The plot feels like a Jane Austen novel infused with a hot-potato political issue, but this is actually a true story. It's been somewhat fictionalised, but the central facts are accurate, and while the production is perhaps a bit too polished for its own good, the solid acting and filmmaking make the story involving and provocative. And its themes feel just as relevant today.
In 1769 London, a young half-black girl named Dido Belle is taken by her soldier father (Matthew Goode) to live with his uncle, the Lord Chief Justice Mansfield (Tom Wilkinson). With his wife (Emily Watson) and sister (Penelope Winton), he is already caring for another niece, and the two girls grow up as inseparable friends. Hidden from society, Dido (Gugu Mbatha-Raw) inherits a small fortune from her father. And while Elizabeth (Sarah Gadon) is penniless, her white skin makes her a more suitable spouse. Then family friend Lady Ashford (Miranda Richardson) foists her son James (Tom Felten) on Elizabeth. To their horror, his brother Oliver (James Norton) falls for Dido. But she's more interested in an impoverished law student (Sam Reid).
Along with these rather standard period-movie romantic shenanigans, there's a major subplot about Lord Mansfield's imminent ruling in the first court case to take on the slave trade, which could destabilise the entire British Empire. And this is where the film jolts into something significant: the UK's top judge had an adopted mixed-race daughter who probably influenced the first landmark decision against slavery. Meanwhile, director Amma Asante also vividly portrays the gritty realities of this young black woman's precarious position in society.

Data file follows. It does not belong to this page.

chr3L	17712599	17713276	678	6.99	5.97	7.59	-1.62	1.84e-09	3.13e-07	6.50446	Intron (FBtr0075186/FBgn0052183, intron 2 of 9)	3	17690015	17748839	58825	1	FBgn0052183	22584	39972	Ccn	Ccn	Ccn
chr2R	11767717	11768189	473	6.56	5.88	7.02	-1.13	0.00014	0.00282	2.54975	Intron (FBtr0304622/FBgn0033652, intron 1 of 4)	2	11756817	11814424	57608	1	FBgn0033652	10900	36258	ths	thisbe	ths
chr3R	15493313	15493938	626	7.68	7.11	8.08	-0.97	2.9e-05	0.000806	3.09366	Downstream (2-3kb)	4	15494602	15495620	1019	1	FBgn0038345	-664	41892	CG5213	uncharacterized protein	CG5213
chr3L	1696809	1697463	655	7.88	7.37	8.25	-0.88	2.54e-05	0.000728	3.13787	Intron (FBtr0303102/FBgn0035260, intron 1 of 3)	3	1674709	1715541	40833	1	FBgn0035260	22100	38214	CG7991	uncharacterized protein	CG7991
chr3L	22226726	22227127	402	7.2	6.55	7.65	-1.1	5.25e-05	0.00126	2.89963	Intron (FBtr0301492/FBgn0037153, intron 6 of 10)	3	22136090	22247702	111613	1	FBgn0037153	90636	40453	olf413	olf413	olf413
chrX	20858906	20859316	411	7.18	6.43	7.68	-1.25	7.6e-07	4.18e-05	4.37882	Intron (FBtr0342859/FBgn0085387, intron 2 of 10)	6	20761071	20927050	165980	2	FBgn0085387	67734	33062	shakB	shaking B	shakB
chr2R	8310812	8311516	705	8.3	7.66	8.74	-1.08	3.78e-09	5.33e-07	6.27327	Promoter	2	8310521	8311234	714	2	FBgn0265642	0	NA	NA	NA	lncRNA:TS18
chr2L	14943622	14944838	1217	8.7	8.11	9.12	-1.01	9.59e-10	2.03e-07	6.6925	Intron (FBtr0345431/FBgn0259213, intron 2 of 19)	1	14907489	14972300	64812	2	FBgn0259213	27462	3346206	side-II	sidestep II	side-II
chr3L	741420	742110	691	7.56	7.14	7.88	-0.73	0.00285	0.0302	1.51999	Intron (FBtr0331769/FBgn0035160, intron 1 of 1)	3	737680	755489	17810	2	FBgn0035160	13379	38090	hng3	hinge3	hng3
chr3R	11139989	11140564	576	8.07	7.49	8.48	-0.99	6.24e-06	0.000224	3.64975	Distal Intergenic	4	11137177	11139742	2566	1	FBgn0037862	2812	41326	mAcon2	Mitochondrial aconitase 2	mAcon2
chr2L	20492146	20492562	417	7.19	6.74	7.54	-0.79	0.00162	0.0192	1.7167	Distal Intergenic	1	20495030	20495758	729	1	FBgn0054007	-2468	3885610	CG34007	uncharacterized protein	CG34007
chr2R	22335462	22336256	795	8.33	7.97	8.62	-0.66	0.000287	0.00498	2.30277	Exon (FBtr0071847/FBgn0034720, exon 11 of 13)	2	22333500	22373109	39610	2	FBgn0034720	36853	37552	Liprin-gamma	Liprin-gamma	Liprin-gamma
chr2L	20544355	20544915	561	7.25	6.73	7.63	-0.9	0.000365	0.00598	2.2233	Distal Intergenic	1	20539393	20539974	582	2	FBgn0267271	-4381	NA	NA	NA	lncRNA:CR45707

Continue reading: Belle Review
While women in the audience may find resonance in the comical prickliness, this film remains more of a stage play than an actual movie. Indeed, playwright Hirons has adapted the script from her play When Women Wee, but it's such a broad farce that we never quite believe any of it on-screen. Although two of the actresses nicely underplay their characters for the cameras.
The story takes place almost entirely in the ladies' room at a British nightclub, where the disorganised Sam (Smith) is having a night out with her friends: shameless maneater Chanel (Winstone), trashy Saskia (Hoare) and the too-nice Paige (Steele). Then Sam runs into the posh Michelle (Nash) and her gorgeous French friend Jess (Chaplin), and decides to ditch her pals. But the club isn't big enough to avoid them for long, and things get increasingly messy for everyone as the night progresses. Meanwhile, the restroom attendant (Fiori) just laughs at their melodrama.
With Sam at the centre, every other woman is essentially a stereotype carefully written to convey some aspect of femininity. By contrast, the men are barely defined at all, so only two register, both of them unusually nice: Sam's ex (Warren) and a guy (Balfour) she chats to in the smoking area. But in this large ensemble, only Sheridan and Winstone manage to give their characters three dimensions, mainly because they create properly cinematic performances that rely on understated details rather than histrionics.
Continue reading: Powder Room Review
Damian Jones and Sam Sarpong - Damian Jones , Demetrius Jones, Sam Sarpong Thursday 16th August 2012 Sam Sarpong has a meeting with NBC Universal, along with writers and producers of the film 'Angels Landing' to discuss his role in the up and coming project
Sam Sarpong and Damian Jones - Chase James, Demetrius Jones, Sam Sarpong, Damian Jones and Carlos Aleman Thursday 16th August 2012 Sam Sarpong has a meeting with NBC Universal, along with writers and producers of the film 'Angels Landing' to discuss his role in the up and coming project